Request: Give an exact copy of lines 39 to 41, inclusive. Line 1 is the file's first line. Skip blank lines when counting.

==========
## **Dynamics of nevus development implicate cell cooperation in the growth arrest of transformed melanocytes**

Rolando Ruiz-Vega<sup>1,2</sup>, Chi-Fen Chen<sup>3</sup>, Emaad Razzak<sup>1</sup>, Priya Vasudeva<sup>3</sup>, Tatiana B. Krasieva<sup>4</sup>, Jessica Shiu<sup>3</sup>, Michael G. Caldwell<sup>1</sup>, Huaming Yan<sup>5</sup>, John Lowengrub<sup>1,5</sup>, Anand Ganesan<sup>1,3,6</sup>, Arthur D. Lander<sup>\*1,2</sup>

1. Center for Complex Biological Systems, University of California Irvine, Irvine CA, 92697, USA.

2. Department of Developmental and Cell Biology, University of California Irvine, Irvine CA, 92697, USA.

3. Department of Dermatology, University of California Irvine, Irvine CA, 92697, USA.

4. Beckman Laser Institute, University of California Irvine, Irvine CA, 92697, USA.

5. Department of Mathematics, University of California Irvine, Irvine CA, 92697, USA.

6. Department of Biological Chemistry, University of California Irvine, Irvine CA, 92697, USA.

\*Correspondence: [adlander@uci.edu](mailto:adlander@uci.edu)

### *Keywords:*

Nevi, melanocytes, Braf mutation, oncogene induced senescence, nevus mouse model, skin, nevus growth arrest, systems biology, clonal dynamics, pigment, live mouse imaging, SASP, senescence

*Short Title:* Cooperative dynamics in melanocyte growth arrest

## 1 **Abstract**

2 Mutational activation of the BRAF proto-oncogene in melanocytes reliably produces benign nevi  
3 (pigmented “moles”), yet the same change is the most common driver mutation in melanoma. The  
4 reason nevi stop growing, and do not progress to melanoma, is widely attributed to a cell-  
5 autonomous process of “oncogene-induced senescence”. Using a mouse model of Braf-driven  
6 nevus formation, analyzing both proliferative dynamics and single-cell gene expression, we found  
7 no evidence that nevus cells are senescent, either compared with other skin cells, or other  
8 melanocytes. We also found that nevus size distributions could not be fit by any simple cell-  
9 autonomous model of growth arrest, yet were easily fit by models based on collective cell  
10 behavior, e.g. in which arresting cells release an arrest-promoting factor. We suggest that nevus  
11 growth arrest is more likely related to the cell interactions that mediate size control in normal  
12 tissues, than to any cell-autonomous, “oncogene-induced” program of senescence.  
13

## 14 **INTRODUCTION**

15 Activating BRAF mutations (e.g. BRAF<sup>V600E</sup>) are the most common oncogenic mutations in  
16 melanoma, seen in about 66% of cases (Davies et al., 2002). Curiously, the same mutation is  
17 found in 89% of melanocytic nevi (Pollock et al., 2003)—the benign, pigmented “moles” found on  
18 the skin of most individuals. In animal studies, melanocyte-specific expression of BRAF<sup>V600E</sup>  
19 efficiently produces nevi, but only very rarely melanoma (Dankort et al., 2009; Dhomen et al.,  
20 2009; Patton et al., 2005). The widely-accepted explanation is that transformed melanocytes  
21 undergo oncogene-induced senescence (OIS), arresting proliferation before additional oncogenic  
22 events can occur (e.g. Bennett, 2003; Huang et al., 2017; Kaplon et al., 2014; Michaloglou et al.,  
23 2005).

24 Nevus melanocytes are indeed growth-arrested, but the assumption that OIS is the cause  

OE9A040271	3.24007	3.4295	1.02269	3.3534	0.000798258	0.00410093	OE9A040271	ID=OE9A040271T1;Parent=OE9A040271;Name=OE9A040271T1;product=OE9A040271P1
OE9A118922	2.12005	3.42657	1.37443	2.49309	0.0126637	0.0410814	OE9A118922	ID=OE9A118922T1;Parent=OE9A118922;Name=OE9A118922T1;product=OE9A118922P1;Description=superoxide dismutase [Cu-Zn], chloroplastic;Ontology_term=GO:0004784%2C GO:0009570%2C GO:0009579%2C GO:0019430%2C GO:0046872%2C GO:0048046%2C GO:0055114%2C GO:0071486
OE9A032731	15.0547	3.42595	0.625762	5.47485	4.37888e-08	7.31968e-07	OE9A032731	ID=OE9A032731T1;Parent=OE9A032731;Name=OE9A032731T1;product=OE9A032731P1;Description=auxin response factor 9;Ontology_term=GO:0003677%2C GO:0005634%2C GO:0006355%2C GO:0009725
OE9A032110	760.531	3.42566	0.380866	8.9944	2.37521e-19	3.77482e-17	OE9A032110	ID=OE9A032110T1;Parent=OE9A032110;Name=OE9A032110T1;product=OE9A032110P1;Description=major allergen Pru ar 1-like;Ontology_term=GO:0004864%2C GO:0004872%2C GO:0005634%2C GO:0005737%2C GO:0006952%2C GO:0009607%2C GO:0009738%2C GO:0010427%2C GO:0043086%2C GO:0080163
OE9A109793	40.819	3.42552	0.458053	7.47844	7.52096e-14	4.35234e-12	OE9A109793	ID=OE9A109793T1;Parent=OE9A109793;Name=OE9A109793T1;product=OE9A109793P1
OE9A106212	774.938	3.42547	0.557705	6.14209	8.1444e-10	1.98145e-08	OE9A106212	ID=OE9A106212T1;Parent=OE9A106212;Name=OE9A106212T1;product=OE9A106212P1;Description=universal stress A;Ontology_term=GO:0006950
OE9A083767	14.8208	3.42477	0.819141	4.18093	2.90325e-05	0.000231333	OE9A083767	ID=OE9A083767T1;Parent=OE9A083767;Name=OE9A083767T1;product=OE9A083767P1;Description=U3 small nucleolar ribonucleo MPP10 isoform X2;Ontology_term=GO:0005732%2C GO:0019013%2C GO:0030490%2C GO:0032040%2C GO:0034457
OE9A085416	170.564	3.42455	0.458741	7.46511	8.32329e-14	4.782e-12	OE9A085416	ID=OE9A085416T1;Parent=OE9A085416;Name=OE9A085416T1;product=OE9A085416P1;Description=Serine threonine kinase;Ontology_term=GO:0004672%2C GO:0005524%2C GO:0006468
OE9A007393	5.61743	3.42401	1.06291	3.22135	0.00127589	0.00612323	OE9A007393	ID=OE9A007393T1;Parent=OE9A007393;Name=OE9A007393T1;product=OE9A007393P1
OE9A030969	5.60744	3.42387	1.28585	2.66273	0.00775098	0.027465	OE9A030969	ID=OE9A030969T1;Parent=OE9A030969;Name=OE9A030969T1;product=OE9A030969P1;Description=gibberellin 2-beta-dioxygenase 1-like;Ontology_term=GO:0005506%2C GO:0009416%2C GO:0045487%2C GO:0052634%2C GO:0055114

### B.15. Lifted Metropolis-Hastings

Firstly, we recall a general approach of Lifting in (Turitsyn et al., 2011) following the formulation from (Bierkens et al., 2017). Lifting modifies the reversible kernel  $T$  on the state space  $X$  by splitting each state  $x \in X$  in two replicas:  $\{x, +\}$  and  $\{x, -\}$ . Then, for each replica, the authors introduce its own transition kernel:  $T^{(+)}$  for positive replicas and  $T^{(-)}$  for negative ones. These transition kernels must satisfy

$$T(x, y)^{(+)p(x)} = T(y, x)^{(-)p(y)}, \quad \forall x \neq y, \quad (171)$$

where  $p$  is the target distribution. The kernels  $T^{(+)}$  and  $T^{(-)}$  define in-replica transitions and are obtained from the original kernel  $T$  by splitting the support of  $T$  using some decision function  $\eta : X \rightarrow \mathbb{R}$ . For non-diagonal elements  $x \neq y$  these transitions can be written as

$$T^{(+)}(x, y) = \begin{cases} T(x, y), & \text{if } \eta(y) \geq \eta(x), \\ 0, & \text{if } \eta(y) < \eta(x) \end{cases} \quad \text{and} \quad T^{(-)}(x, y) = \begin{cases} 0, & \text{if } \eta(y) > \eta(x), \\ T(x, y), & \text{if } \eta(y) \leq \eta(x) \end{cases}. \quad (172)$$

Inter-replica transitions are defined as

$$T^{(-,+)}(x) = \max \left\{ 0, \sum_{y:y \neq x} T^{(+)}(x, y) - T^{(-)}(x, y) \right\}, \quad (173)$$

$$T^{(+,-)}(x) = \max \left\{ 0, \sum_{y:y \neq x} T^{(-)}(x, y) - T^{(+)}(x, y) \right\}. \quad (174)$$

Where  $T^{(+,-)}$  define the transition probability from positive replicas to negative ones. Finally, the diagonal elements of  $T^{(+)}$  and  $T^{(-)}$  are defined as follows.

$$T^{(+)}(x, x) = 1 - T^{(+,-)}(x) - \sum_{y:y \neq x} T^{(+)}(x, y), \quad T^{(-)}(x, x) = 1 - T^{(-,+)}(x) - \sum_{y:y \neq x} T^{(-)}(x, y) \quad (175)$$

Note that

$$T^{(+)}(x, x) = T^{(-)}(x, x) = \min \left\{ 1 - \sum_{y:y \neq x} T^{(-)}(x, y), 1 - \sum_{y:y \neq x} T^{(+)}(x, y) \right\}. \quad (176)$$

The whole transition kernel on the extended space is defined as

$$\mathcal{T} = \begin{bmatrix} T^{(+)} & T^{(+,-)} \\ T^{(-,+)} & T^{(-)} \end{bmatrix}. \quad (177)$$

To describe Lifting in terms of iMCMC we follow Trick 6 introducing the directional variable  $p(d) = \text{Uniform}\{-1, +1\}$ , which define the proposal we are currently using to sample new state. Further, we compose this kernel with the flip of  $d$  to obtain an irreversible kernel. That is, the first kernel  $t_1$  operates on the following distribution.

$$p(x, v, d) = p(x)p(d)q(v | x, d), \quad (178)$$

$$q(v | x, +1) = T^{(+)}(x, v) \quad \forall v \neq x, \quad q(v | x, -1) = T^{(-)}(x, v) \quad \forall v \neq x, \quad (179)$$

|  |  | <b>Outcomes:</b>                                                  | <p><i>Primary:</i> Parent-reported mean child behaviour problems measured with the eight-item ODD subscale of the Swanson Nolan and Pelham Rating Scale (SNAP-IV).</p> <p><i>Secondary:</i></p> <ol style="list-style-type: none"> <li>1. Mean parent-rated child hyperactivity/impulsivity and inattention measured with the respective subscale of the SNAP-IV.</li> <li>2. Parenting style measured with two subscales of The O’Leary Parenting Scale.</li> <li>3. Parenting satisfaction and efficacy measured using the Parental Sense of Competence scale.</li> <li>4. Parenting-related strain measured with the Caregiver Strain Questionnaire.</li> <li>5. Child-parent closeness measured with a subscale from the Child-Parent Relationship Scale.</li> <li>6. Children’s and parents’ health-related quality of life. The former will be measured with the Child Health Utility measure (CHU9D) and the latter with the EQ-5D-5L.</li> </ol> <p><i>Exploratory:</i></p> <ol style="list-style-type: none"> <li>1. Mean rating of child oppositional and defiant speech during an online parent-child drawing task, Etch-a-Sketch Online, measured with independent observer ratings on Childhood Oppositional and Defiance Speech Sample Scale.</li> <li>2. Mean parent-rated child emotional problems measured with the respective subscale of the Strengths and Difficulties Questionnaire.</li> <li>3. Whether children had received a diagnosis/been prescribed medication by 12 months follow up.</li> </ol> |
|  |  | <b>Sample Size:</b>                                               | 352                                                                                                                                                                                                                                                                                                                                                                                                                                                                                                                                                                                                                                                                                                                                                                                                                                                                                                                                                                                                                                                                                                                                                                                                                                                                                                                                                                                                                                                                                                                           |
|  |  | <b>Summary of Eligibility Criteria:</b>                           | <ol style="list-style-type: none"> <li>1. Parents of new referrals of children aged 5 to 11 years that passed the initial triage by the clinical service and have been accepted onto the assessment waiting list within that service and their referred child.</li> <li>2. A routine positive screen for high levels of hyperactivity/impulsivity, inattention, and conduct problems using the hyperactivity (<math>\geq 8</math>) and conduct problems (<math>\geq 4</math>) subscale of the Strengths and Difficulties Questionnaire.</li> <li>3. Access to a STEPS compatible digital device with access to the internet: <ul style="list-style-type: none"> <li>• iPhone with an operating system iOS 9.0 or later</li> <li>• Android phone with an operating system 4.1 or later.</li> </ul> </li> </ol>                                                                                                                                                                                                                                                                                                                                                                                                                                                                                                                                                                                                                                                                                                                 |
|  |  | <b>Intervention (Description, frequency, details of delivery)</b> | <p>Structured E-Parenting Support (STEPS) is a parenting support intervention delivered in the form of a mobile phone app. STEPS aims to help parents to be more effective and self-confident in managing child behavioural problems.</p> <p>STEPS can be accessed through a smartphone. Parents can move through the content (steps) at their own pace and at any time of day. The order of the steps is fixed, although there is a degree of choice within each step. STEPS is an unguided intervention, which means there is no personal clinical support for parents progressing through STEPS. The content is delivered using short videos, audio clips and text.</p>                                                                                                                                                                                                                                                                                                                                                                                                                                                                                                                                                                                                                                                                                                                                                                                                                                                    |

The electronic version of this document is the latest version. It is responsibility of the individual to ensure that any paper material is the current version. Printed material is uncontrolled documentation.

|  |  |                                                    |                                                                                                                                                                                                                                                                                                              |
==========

OE9A032731	15.0547	3.42595	0.625762	5.47485	4.37888e-08	7.31968e-07	OE9A032731	ID=OE9A032731T1;Parent=OE9A032731;Name=OE9A032731T1;product=OE9A032731P1;Description=auxin response factor 9;Ontology_term=GO:0003677%2C GO:0005634%2C GO:0006355%2C GO:0009725
OE9A032110	760.531	3.42566	0.380866	8.9944	2.37521e-19	3.77482e-17	OE9A032110	ID=OE9A032110T1;Parent=OE9A032110;Name=OE9A032110T1;product=OE9A032110P1;Description=major allergen Pru ar 1-like;Ontology_term=GO:0004864%2C GO:0004872%2C GO:0005634%2C GO:0005737%2C GO:0006952%2C GO:0009607%2C GO:0009738%2C GO:0010427%2C GO:0043086%2C GO:0080163
OE9A109793	40.819	3.42552	0.458053	7.47844	7.52096e-14	4.35234e-12	OE9A109793	ID=OE9A109793T1;Parent=OE9A109793;Name=OE9A109793T1;product=OE9A109793P1